More than 4,000 front-line medical workers at local hospitals and related facilities have now been vaccinated against COVID-19, and still many more staff members wait to receive their shots.

At Salem Hospital, Roxanne Ruppel, the senior vice president of operations, said that by the end of Jan. 7, more than 2,500 staff members were vaccinated at the hospital and North Shore Physicians Group.

“We’ve made good progress,” Ruppel said, adding that there are about 4,000 employees in total. “But we still have some work to do to get to everyone.”

According to Phil Cormier, the president of Beverly and Addison Gilbert hospitals, approximately 1,542 front-line clinicians and other staff members from the two hospitals and Bayridge and Lahey Outpatient Center in Danvers were vaccinated as of Jan. 7.

Cormier said employees that already received the vaccine are considered to be at the highest risk of exposure to the virus based on where they work and the patients they work with.

Watching the hospital staff get vaccinated can be very emotional, reflected Ruppel, in Salem.

“It does really feel like a light at the end of the tunnel, and it brings us all some hope,” she said. “After everything this staff has been through and everything they have done for their patients and for the community, to be able to vaccinate our staff, that first day was just an awesome day. It felt like really turning the corner.”

This is at a time when local hospitals say they are right at capacity for available beds due to a surge in COVID-19 hospitalizations over the past few weeks. Many other hospitals across the country report the same or worse conditions.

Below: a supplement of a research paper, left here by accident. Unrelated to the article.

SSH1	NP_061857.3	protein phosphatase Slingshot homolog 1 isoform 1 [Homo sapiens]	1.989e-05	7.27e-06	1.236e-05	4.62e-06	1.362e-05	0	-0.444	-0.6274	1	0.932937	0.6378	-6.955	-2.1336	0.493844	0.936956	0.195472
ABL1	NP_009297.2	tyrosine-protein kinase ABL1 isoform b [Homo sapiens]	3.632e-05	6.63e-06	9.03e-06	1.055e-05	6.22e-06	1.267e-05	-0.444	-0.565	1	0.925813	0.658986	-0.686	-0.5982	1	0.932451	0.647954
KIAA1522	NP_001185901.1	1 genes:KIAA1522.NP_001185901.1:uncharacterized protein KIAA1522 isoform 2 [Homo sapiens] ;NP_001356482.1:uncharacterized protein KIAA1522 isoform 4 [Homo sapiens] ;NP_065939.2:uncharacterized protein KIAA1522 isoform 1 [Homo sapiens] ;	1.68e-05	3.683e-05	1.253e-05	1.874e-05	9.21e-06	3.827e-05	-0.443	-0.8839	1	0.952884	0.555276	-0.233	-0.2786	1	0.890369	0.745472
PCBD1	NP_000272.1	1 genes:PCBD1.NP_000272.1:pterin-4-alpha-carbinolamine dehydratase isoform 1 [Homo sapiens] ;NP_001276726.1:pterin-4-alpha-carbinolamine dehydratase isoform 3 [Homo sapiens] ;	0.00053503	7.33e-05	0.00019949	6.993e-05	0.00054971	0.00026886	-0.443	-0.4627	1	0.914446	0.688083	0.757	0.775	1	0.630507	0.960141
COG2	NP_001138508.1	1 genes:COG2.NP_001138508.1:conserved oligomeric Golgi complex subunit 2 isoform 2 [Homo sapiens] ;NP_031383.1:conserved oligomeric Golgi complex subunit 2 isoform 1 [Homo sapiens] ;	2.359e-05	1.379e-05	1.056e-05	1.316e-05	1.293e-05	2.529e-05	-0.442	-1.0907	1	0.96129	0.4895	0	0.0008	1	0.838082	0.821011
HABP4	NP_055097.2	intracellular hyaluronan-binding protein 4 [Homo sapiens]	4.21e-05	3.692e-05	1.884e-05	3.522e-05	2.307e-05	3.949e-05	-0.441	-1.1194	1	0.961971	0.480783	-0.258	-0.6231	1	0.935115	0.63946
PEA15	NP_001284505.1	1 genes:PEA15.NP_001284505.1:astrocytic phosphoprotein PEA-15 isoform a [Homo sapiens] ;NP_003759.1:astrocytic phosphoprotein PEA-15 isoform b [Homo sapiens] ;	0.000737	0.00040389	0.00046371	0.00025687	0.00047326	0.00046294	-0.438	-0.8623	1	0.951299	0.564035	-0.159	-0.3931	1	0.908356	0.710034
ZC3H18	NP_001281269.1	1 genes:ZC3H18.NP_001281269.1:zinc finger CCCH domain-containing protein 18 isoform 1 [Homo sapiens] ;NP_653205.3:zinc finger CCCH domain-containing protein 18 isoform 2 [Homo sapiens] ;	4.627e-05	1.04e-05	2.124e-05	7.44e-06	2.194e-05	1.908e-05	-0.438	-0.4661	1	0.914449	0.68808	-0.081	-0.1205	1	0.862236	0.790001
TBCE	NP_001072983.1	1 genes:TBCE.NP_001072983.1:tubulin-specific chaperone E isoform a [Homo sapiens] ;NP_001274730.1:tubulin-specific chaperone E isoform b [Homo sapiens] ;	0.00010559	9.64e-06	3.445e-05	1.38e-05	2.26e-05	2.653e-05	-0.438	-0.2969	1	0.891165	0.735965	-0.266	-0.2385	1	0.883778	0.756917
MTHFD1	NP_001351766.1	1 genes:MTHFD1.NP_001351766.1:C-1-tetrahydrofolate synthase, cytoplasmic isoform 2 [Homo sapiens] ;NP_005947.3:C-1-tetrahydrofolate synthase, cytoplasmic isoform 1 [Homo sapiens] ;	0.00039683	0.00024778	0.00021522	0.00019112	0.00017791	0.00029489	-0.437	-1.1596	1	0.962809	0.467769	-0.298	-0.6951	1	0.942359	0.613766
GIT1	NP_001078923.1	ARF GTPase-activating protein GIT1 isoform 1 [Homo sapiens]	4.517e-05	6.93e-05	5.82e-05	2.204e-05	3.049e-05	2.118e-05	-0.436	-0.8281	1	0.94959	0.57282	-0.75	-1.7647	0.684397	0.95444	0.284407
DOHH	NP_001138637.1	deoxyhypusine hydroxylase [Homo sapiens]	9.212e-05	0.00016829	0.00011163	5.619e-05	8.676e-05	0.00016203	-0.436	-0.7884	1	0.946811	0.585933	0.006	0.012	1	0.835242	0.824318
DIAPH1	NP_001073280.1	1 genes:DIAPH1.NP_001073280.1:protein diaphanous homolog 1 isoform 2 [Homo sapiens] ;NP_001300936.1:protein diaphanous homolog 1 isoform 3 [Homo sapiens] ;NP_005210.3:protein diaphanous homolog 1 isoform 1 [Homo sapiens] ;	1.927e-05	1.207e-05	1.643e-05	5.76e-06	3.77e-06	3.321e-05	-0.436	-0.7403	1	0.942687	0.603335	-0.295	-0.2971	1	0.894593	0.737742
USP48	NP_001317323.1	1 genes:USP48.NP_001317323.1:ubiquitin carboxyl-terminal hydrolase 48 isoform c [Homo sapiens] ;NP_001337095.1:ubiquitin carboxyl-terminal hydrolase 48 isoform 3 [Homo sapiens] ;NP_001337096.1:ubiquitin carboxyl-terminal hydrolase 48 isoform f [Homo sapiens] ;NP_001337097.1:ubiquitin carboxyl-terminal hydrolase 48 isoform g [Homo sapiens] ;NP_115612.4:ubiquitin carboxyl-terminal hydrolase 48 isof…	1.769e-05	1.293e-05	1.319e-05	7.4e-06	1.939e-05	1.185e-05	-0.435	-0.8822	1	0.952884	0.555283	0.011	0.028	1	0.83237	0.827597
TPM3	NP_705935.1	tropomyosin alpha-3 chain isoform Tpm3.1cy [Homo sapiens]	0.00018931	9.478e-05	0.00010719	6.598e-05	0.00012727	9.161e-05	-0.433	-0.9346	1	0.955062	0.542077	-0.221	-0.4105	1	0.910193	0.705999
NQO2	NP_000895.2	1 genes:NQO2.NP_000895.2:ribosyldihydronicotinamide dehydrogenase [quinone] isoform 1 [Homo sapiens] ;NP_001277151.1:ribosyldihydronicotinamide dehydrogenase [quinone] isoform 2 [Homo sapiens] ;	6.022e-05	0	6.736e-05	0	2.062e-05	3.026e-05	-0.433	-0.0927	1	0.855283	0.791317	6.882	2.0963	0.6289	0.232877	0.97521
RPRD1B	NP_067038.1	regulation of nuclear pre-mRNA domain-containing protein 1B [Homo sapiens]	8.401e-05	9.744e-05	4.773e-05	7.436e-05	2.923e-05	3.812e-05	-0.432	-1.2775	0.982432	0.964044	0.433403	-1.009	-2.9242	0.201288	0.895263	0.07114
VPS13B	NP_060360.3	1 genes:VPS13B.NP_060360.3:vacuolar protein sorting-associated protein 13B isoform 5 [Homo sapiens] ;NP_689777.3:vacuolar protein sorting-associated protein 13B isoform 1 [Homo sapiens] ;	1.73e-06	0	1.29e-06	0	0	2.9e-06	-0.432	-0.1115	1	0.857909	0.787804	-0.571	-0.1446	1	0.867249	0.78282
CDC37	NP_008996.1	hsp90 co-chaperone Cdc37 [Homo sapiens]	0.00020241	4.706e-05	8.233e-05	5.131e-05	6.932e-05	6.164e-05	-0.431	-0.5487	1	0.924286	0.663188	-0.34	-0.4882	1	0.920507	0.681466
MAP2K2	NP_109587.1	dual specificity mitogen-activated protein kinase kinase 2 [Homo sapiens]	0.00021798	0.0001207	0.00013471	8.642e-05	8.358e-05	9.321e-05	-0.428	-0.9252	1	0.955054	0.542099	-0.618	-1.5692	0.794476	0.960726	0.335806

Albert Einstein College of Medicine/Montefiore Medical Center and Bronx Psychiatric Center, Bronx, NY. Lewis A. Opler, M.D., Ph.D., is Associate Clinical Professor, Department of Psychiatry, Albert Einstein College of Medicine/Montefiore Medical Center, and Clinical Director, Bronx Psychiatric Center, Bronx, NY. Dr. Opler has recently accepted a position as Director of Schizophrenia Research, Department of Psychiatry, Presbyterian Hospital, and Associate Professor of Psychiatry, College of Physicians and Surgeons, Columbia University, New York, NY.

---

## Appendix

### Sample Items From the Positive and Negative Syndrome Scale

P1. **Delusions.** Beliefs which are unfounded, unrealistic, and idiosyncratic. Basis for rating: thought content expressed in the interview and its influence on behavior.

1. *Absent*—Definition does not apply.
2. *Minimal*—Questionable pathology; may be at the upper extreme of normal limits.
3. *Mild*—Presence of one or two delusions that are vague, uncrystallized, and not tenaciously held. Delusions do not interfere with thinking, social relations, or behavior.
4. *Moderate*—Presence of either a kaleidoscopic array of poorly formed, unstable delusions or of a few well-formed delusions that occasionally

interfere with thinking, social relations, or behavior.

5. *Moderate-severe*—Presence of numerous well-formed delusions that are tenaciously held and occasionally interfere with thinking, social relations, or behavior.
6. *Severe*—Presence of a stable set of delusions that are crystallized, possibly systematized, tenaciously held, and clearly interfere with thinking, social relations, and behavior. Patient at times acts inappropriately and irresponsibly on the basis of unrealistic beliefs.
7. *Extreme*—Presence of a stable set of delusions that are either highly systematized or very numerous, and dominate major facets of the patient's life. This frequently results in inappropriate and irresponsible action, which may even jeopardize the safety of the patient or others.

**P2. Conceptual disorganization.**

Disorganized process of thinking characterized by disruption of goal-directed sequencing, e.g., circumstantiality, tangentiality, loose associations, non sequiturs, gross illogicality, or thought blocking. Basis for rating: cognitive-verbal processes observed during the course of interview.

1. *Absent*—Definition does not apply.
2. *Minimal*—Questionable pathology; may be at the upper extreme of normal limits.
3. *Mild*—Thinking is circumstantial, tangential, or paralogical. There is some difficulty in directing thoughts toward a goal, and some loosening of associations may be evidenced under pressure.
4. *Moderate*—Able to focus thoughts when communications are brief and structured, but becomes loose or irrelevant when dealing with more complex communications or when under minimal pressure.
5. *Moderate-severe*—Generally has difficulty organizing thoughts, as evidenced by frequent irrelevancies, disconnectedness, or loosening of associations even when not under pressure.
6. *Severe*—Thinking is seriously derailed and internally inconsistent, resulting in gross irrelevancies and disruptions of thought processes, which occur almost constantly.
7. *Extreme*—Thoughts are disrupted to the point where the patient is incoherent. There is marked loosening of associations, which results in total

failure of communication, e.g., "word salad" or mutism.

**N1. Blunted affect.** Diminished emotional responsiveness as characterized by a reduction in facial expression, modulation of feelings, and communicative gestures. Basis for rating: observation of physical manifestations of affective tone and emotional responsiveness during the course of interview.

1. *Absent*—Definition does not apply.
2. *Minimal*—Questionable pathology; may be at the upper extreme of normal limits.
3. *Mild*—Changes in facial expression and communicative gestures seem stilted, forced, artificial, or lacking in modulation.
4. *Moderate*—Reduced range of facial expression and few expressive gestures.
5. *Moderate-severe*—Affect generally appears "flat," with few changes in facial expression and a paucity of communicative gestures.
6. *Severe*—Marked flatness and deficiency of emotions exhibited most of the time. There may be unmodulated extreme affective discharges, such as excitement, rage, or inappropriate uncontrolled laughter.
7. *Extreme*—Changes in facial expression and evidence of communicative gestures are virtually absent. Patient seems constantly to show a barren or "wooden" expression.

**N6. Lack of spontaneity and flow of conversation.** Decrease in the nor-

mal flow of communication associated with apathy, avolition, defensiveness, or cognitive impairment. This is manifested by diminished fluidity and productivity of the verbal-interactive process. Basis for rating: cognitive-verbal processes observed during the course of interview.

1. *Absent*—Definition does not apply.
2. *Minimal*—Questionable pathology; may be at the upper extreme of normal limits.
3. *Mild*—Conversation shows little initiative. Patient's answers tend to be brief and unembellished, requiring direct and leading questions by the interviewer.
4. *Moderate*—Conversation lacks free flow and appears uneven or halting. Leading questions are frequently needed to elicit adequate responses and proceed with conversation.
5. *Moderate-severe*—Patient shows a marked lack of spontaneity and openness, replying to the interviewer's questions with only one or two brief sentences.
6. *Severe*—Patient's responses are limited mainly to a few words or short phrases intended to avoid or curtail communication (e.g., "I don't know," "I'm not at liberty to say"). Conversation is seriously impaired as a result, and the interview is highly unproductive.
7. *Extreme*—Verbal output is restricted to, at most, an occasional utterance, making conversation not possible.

These hospitals and long-term care facilities on the North Shore were only able to begin administering Pfizer vaccine in mid-December in the first phase of the rollout.

Cormier said the morale of health care workers at the hospitals greatly improved after vaccines began to be distributed.

According to Jennifer Rosenberg, a spokesperson for Beverly and Addison Gilbert, the hospitals are following state Department of Public Health guidelines to determine which staff members should receive the vaccine first. State guidelines, she said, prioritize frontline staff including doctors, nurses, technicians, and others who have contact with patients.

Ruppel also said not all employees are currently eligible for immunization because the first phase of the state’s vaccination plan focuses on health care workers who have direct contact with COVID patients or can be reassigned to work with COVID patients at any time.

Despite the tight guidelines, Ruppel said Salem Hospital hasn’t had any issues finding eligible people to vaccinate.

“There has been tremendous support from the system,” she said, explaining that the hospital is constantly using up its supply of vaccines and receiving more doses, which helps with issues that could arise with storage. “There are some complex logistics associated with the transport and the storage as you can imagine, and certainly starting up new services there are always challenges, but I am very pleased with the way things are going and I think things are operating smoothly.”

Betsy Mullen, the chief operating officer at Chelsea Jewish Lifecare — which includes the Jeffrey and Susan Brudnick Center for Living in Peabody — said more than 95% of the skilled nursing and rehab center’s approximately 140 residents received their first dose of the Pfizer vaccine on Dec. 29 when CVS hosted a vaccination clinic.

“It was an amazing feeling,” she said. “I woke up that morning and I had this sense of being hopeful. Residents were so excited to get the vaccine.”

The second vaccination clinic at Brudnick, Mullen said, will be Jan. 19.